Sometimes when I’m missing the cool green-and-grey landscapes of Scotland, I sing the Loch Lomond song* to myself: “You take the high road and I’ll take the low road…” If I lived in New York, I could go to the High Line, which would replace Edinburgh and Iona with a wonderful circus of jostling people and tall buildings.

This article saves me the bus fare with a quick description of the High Line today, a selective history of how it became, and some quick thoughts on industrial history and development. Check it out for the great historic photos, if not the worthy prose. For example:

Much of the High Line’s present magic stems from its passing though an historic industrial cityscape roughly the same age as the viaduct, supplemented by private tenement backyards and the poetic grunge of taxi garages. It would make a huge difference if High Line walkers were to feel trapped in a canyon of spanking new high-rise condos, providing antlike visual entertainment for one’s financial betters lolling on balconies. The High Line exemplifies a preservation conundrum: how do you protect not only the older structure itself, through intelligent adaptive re-use, but also retain the flavor of its original surrounding context? A certain amount of luxury high-rise will inevitably occur along this route: the question is how much. Only strict zoning regulations might prevent a forest of new apartment buildings from flanking the High Line, but the city seems to be encouraging more, rather than less, high-rise residential development in the Far West Side. We can only pray that the current recession, which has temporarily brought a halt to some of the new construction, will last as long as possible.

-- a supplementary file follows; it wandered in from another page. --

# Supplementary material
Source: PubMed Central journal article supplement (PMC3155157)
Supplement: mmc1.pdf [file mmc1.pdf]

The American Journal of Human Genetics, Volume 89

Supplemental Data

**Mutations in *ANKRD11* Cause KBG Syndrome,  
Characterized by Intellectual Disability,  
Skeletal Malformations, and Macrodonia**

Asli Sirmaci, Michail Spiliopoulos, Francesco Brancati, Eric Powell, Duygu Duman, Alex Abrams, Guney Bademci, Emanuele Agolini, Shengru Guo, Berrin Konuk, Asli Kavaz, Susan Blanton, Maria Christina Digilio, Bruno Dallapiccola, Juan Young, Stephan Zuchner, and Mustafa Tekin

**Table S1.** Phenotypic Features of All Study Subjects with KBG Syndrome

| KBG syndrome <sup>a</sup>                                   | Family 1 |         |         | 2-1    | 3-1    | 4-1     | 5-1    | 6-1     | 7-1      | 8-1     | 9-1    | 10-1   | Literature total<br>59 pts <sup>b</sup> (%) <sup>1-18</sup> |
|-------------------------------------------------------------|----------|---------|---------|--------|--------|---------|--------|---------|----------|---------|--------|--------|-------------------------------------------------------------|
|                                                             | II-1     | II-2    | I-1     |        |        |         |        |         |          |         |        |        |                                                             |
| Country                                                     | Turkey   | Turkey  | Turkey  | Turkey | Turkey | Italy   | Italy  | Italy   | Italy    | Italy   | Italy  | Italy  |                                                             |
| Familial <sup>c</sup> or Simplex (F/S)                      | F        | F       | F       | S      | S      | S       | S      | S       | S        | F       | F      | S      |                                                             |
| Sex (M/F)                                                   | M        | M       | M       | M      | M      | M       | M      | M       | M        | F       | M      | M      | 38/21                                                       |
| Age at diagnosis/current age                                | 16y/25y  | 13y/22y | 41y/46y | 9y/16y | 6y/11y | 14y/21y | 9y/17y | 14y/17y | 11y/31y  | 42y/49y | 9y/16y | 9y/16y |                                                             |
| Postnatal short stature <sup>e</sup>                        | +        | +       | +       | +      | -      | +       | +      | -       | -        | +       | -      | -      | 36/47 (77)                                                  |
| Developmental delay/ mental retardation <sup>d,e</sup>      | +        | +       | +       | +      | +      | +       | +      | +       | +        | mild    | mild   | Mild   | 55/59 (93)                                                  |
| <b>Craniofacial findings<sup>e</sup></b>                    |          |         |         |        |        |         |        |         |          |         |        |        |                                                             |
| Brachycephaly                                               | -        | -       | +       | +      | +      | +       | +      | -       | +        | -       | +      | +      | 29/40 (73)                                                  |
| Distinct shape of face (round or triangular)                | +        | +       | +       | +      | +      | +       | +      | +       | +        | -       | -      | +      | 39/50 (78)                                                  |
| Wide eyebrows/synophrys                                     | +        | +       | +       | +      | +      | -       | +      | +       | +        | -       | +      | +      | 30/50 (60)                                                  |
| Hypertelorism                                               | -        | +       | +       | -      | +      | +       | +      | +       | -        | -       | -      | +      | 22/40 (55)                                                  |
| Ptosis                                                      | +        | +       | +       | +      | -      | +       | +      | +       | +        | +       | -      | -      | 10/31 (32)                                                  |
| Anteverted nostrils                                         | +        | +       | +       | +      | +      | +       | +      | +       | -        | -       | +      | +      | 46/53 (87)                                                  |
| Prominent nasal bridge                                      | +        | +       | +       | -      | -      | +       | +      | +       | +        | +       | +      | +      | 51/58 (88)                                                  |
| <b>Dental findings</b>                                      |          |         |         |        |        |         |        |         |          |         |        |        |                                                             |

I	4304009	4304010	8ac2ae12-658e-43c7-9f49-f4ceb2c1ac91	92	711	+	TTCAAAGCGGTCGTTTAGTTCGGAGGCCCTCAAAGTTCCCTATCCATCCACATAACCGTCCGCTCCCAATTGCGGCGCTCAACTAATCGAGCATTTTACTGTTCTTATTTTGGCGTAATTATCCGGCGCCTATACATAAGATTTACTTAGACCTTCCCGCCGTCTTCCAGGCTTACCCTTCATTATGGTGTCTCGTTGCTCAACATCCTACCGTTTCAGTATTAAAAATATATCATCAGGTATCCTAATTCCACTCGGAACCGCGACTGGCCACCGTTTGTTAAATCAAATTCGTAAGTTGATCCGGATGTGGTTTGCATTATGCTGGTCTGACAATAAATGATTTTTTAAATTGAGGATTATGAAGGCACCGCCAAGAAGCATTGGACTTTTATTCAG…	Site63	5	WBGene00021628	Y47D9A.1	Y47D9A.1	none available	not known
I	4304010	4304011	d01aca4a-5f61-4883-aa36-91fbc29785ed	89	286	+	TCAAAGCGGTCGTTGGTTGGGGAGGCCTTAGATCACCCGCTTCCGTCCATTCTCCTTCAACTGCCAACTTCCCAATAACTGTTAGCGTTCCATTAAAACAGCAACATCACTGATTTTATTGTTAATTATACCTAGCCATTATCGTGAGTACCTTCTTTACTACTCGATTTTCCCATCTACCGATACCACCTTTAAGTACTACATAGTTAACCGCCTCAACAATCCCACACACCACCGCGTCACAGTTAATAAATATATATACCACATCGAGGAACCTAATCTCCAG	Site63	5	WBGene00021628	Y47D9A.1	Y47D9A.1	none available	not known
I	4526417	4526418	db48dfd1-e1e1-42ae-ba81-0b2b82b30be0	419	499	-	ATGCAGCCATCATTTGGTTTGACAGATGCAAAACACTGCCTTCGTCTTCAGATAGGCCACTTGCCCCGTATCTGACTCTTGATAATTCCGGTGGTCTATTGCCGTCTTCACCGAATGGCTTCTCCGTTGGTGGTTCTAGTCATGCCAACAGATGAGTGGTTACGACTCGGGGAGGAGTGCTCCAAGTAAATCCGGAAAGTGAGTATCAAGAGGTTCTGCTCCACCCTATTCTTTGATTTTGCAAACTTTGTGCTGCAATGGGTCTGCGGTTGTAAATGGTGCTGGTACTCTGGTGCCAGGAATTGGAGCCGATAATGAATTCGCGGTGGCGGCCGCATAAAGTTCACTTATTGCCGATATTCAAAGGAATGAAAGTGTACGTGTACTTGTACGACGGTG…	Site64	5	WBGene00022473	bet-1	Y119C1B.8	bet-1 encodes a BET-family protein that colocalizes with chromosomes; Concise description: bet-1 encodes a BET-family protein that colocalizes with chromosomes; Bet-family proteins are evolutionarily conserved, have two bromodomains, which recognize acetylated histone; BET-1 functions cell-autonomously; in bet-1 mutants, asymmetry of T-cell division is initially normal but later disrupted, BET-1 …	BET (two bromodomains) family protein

While wringing our hands, we should also remember that when the High Line was built, one of its initial purposes was to spur “air rights” development over the site. Living cities change and grow; they cannot remain picturesquely frozen in time. Whatever happens, the High Line will still afford spectacular unobstructed views eastward, at street corners, and westward, at a good many spots, to the river.

* Did you know that “The Bonnie Banks o’ Loch Lomond” refers to a creative range of gory deaths? Execution after a failed revolution, heads on pikes, fairy escorts of dead souls… Wow. Thanks, Wikipedia.

[Photo at top – of the guy who was clearly taking the high road in 1934 – is from The Design Observer Group]

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